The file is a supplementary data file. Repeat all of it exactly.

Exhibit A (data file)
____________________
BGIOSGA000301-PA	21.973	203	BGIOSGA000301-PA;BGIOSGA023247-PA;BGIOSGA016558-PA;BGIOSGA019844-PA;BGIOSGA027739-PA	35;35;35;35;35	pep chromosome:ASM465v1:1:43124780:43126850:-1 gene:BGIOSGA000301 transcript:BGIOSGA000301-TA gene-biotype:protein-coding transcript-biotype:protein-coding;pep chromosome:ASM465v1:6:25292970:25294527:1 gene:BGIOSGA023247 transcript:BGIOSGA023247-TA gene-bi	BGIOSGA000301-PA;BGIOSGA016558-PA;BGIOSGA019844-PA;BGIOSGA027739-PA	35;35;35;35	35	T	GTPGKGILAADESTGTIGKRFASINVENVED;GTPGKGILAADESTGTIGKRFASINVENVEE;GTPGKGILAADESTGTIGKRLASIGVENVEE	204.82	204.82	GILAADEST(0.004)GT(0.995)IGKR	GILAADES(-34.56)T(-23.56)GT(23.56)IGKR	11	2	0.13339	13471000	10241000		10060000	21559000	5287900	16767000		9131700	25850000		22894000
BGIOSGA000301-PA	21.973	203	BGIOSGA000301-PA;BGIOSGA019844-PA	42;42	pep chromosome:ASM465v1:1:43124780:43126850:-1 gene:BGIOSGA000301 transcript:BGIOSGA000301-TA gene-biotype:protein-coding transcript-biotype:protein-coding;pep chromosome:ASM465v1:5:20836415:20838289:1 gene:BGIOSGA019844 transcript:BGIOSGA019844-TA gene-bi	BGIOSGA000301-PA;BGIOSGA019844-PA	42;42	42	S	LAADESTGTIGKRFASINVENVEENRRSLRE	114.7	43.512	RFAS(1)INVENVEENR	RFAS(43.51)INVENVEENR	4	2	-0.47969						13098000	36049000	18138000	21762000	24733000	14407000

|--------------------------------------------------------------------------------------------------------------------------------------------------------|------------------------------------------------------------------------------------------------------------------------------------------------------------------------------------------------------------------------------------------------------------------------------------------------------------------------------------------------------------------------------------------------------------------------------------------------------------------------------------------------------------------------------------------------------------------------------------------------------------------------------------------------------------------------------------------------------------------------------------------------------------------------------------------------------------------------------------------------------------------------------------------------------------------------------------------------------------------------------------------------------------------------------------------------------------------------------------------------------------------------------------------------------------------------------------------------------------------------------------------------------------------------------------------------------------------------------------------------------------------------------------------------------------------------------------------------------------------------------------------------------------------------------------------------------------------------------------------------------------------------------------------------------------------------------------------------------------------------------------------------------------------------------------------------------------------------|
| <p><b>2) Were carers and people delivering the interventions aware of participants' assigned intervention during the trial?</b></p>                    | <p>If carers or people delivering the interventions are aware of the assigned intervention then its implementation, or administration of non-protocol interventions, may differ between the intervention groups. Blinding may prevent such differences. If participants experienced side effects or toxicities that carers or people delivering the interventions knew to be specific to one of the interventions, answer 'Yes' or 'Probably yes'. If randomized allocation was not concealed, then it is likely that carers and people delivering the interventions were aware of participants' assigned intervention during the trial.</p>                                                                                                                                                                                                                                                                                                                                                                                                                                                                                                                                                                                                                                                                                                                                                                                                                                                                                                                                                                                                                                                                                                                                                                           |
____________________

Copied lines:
BGIOSGA000301-PA	21.973	203	BGIOSGA000301-PA;BGIOSGA023247-PA;BGIOSGA016558-PA;BGIOSGA019844-PA;BGIOSGA027739-PA	35;35;35;35;35	pep chromosome:ASM465v1:1:43124780:43126850:-1 gene:BGIOSGA000301 transcript:BGIOSGA000301-TA gene-biotype:protein-coding transcript-biotype:protein-coding;pep chromosome:ASM465v1:6:25292970:25294527:1 gene:BGIOSGA023247 transcript:BGIOSGA023247-TA gene-bi	BGIOSGA000301-PA;BGIOSGA016558-PA;BGIOSGA019844-PA;BGIOSGA027739-PA	35;35;35;35	35	T	GTPGKGILAADESTGTIGKRFASINVENVED;GTPGKGILAADESTGTIGKRFASINVENVEE;GTPGKGILAADESTGTIGKRLASIGVENVEE	204.82	204.82	GILAADEST(0.004)GT(0.995)IGKR	GILAADES(-34.56)T(-23.56)GT(23.56)IGKR	11	2	0.13339	13471000	10241000		10060000	21559000	5287900	16767000		9131700	25850000		22894000
BGIOSGA000301-PA	21.973	203	BGIOSGA000301-PA;BGIOSGA019844-PA	42;42	pep chromosome:ASM465v1:1:43124780:43126850:-1 gene:BGIOSGA000301 transcript:BGIOSGA000301-TA gene-biotype:protein-coding transcript-biotype:protein-coding;pep chromosome:ASM465v1:5:20836415:20838289:1 gene:BGIOSGA019844 transcript:BGIOSGA019844-TA gene-bi	BGIOSGA000301-PA;BGIOSGA019844-PA	42;42	42	S	LAADESTGTIGKRFASINVENVEENRRSLRE	114.7	43.512	RFAS(1)INVENVEENR	RFAS(43.51)INVENVEENR	4	2	-0.47969						13098000	36049000	18138000	21762000	24733000	14407000

|--------------------------------------------------------------------------------------------------------------------------------------------------------|------------------------------------------------------------------------------------------------------------------------------------------------------------------------------------------------------------------------------------------------------------------------------------------------------------------------------------------------------------------------------------------------------------------------------------------------------------------------------------------------------------------------------------------------------------------------------------------------------------------------------------------------------------------------------------------------------------------------------------------------------------------------------------------------------------------------------------------------------------------------------------------------------------------------------------------------------------------------------------------------------------------------------------------------------------------------------------------------------------------------------------------------------------------------------------------------------------------------------------------------------------------------------------------------------------------------------------------------------------------------------------------------------------------------------------------------------------------------------------------------------------------------------------------------------------------------------------------------------------------------------------------------------------------------------------------------------------------------------------------------------------------------------------------------------------------------|
| <p><b>2) Were carers and people delivering the interventions aware of participants' assigned intervention during the trial?</b></p>                    | <p>If carers or people delivering the interventions are aware of the assigned intervention then its implementation, or administration of non-protocol interventions, may differ between the intervention groups. Blinding may prevent such differences. If participants experienced side effects or toxicities that carers or people delivering the interventions knew to be specific to one of the interventions, answer 'Yes' or 'Probably yes'. If randomized allocation was not concealed, then it is likely that carers and people delivering the interventions were aware of participants' assigned intervention during the trial.</p>                                                                                                                                                                                                                                                                                                                                                                                                                                                                                                                                                                                                                                                                                                                                                                                                                                                                                                                                                                                                                                                                                                                                                                           |